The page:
What really drives speculation is the buying and selling of "futures"--contracts for delivery of oil that has not yet even been pumped out of the ground. It is a gambling game. The buyer of a "future" contract hopes that hehas puchased the oil for less than its market value will be at the time it is being pumped and sent to market. The seller hopes that the price he has been paid today will be better than the price he could get if he sold it the day it is pumped out of the ground. The prices of these futures affect the oil that is sitting around in inventory awaiting processing and delivery to the gas pumps. 

What your gas station operator pays is not the actual value of the barrel of oil that your gallon of gas came from. It is based on the very highly speculative price of the NEXT gallon of gas he will have to buy to replace the galon that he just sold to you. During the gasoline crisis under Carter in the 1970's emergency measures were taken to require the station operator to base his price on his last delivery, not on his next. Those regulations expired a number of years ago. Perhaps they should be brought back. It might help. If coupled with less actual usage, prices would tend to be a bit more stable and speculation would be a little less attractive.

As it is, the wide swings in prices on the futures market make it one of the hottest spots for people with lots of cash.
And the big bull market in stocks has both corporations and individual stock owners awash in it! With stocks cooling, and bond yields not all that hot, commodities--and oil in particular--look attractive to people who know that they are doing. Which is NOT MANY OF US! The more people buy and sell in this "imaginary" realm of nonexistent (at present) barrells of oil, the higher the replacement price on your gallon of gas goes for your gas station operator. 

The speculative price of the futures also benefits the oil companies because their inventories and their contracts for pumping oil are things that the corporations could sell to raise cash. They are good collateral for bank loans. They form part of their corporate worth.  Even if their profit margins were not growing, the rise in the values of their inventories and  of their contracts strengthen their creditworthiness among their bankers. The cost of getting cash loans (which all companies need to some degree or other) and selling their corporation's bonds on the securities market are more favorable with a high corporate worth. Their corporate stock tends to rise on the stock market, and their investors are happy, even if the profits, from which dividends are paid, did not rise more quickly than they are.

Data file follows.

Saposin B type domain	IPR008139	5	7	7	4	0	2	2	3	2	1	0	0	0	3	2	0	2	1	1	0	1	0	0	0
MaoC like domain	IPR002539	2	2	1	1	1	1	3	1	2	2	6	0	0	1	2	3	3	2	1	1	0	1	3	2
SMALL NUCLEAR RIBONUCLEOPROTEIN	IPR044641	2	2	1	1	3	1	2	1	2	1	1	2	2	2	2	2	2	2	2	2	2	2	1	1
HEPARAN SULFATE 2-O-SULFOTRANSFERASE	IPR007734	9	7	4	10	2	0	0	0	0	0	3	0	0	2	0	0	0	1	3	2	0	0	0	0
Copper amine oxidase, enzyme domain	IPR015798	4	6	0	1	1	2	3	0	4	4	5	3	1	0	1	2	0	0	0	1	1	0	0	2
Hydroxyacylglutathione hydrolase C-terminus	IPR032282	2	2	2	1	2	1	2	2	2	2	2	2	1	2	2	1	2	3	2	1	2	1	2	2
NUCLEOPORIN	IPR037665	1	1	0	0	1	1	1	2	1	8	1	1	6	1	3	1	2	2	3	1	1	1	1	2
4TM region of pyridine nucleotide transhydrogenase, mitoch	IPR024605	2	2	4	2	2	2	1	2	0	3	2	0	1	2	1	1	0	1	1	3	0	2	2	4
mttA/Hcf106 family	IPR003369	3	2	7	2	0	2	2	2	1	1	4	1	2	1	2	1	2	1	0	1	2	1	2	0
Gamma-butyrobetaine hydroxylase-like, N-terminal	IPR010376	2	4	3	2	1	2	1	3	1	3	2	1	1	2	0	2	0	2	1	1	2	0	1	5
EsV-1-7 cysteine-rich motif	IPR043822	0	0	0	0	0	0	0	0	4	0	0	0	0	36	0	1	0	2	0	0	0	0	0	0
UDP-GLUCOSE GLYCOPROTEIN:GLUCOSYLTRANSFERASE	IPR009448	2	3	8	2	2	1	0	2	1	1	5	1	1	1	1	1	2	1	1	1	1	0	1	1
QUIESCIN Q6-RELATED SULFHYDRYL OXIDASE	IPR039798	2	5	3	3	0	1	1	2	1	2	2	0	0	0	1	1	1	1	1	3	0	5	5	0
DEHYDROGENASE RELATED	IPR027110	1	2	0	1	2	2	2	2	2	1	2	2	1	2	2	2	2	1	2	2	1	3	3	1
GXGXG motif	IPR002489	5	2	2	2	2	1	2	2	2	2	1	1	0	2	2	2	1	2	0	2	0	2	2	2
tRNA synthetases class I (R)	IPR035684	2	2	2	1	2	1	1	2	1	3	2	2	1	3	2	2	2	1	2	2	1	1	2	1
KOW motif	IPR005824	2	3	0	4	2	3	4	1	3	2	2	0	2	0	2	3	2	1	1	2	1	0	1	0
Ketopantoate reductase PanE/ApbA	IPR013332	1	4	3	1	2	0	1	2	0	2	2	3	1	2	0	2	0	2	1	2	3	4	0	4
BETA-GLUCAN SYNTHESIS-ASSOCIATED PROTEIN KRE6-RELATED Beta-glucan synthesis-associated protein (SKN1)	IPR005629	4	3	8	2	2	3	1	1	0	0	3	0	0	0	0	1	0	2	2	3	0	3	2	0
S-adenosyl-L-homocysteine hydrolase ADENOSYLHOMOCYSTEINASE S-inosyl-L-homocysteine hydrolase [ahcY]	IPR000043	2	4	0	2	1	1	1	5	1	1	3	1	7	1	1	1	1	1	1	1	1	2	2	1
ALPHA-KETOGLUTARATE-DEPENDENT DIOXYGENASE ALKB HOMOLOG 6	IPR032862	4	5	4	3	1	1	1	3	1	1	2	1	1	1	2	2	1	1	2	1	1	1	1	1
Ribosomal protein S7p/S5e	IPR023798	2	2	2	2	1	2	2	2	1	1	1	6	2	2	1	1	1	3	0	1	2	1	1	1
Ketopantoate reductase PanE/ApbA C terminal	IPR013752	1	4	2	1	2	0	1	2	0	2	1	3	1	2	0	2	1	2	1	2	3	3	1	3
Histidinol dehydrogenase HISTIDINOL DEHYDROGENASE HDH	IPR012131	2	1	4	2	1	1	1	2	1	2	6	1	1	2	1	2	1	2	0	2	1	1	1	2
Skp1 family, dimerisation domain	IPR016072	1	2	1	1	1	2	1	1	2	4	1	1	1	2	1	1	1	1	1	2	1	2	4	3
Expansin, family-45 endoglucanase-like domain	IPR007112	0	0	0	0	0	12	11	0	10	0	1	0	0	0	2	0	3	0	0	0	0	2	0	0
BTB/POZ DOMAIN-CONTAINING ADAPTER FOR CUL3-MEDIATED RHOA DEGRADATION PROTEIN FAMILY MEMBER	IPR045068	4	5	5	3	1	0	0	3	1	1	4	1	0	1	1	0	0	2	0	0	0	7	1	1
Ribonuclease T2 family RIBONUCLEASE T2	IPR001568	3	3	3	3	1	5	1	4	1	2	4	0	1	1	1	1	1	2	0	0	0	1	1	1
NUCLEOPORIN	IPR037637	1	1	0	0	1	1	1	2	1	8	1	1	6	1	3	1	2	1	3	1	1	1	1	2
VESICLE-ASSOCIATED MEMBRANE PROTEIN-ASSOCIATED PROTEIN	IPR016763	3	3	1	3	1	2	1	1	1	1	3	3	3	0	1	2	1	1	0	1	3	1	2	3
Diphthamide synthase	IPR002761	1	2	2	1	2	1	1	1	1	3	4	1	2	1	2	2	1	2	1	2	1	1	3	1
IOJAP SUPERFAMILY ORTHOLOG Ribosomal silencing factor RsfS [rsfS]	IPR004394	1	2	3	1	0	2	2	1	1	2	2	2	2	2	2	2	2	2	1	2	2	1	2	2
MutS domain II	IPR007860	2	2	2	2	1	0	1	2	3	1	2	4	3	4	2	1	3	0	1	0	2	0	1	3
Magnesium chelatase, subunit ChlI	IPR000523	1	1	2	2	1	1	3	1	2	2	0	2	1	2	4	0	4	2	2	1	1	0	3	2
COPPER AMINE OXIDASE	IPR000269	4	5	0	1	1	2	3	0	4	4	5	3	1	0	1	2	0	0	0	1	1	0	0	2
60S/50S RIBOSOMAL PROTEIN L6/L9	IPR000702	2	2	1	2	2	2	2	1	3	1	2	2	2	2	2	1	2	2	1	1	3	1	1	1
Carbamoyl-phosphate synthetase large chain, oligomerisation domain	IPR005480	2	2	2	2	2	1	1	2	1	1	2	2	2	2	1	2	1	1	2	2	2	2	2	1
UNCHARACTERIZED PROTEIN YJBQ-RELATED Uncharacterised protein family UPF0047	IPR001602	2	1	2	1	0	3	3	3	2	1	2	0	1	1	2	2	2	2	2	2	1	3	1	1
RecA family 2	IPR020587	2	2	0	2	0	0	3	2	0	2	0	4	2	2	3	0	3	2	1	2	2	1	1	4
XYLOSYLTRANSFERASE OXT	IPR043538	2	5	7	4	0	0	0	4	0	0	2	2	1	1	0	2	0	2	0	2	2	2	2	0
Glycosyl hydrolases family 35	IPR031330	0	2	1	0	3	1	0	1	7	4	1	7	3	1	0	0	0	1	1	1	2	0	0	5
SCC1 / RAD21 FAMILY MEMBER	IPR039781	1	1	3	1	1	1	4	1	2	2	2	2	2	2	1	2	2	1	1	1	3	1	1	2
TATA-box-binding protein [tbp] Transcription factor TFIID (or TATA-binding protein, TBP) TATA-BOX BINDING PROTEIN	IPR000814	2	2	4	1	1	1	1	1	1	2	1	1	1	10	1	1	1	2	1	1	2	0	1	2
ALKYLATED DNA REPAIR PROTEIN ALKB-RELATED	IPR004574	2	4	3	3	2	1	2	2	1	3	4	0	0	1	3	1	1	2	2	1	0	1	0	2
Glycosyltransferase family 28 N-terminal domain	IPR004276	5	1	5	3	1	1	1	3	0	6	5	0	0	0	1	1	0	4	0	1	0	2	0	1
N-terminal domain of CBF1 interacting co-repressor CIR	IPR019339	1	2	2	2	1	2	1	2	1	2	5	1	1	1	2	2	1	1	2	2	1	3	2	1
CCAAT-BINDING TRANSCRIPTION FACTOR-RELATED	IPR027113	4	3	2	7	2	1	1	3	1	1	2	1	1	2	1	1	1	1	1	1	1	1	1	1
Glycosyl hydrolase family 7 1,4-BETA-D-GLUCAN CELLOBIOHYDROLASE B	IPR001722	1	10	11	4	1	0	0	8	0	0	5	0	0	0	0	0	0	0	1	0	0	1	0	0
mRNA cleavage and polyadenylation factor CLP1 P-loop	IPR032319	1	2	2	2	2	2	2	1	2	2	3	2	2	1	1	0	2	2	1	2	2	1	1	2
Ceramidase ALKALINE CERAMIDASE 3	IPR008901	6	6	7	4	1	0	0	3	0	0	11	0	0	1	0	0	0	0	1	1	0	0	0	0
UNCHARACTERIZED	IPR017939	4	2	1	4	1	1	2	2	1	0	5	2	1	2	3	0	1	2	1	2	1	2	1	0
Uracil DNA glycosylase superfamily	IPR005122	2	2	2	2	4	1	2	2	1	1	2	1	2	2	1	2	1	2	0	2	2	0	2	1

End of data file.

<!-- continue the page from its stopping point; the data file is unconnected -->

And there is no cash outlay involved!! Unlike building or renovating refineries and expanding delivery systems. Which they would have to do to make this much income on a much lower price per gallon (they would have to refine and move much higher volume of the processed products).

With prices as high as they are, oil fields that were once unprofitable to exploit should be profitable to tap now. Exploration subsidies should not be necessary. But what has happened? The oil companies are fighting proposals to roll back tax breaks and incentives. They are claiming that they need PUBLIC MONEY on top of all these profits to induce them to find and pump new oil if prices are to come down.Then when asked why they haven't found new oil and started pumping it, what will they say? Oh, we know where the oil is, but there's no point in pumping it because the refinery capacity is already maxed. And where will that public money go? Into the corporate worth. It becomes part of their income statements and balance sheets, which help them look better to bankers and the securities market ......

What's needed is to break the stranglehold that oil has on us. Americans won't be going to go back to 19th century Amish style living in massive numbers. What's needed is widespread availability of alternative fuels, such as methane and ethanol (and electric vehicles with better accelleration and range) and inexpensive ways to adapt vehicles presently on the road to burn the new fuels. Not everybody can afford to spend $20,000 and up to replace our gas-buggies. But many of us would gladly spend a few hundred or even a couple of thousand adapting our vehicles if we can't afford an entire new non-oil burning one. That is where government subsidies should be going. 

Now you may know far more than you ever wanted to know about why your gasoline is high as a cat's back.

Janet is absolutely right! The ONLY way to make the prices go down is to not buy gasoline. And if buying something else becomes practical, when the price of gasoline does come down, will American drivers care? 

But consumption at the pump is only a sideshow, not the main event in oil pricing. If the oil companies simply switch their methods to price abuse of the alternative fuels, we will be doing the same dance. The raw materials for methane and ethanol are not "scarce" as oil. But the issues regarding refining and forward pricing and commodities market speculation will still be there. In focusing on the gasoline pump, IMHO we are not focusing on the real problem--which is that the fuel companies not only are paying the piper and calling the tune--they and the speculators are the only ones invited to the dance! 


For what it's worth.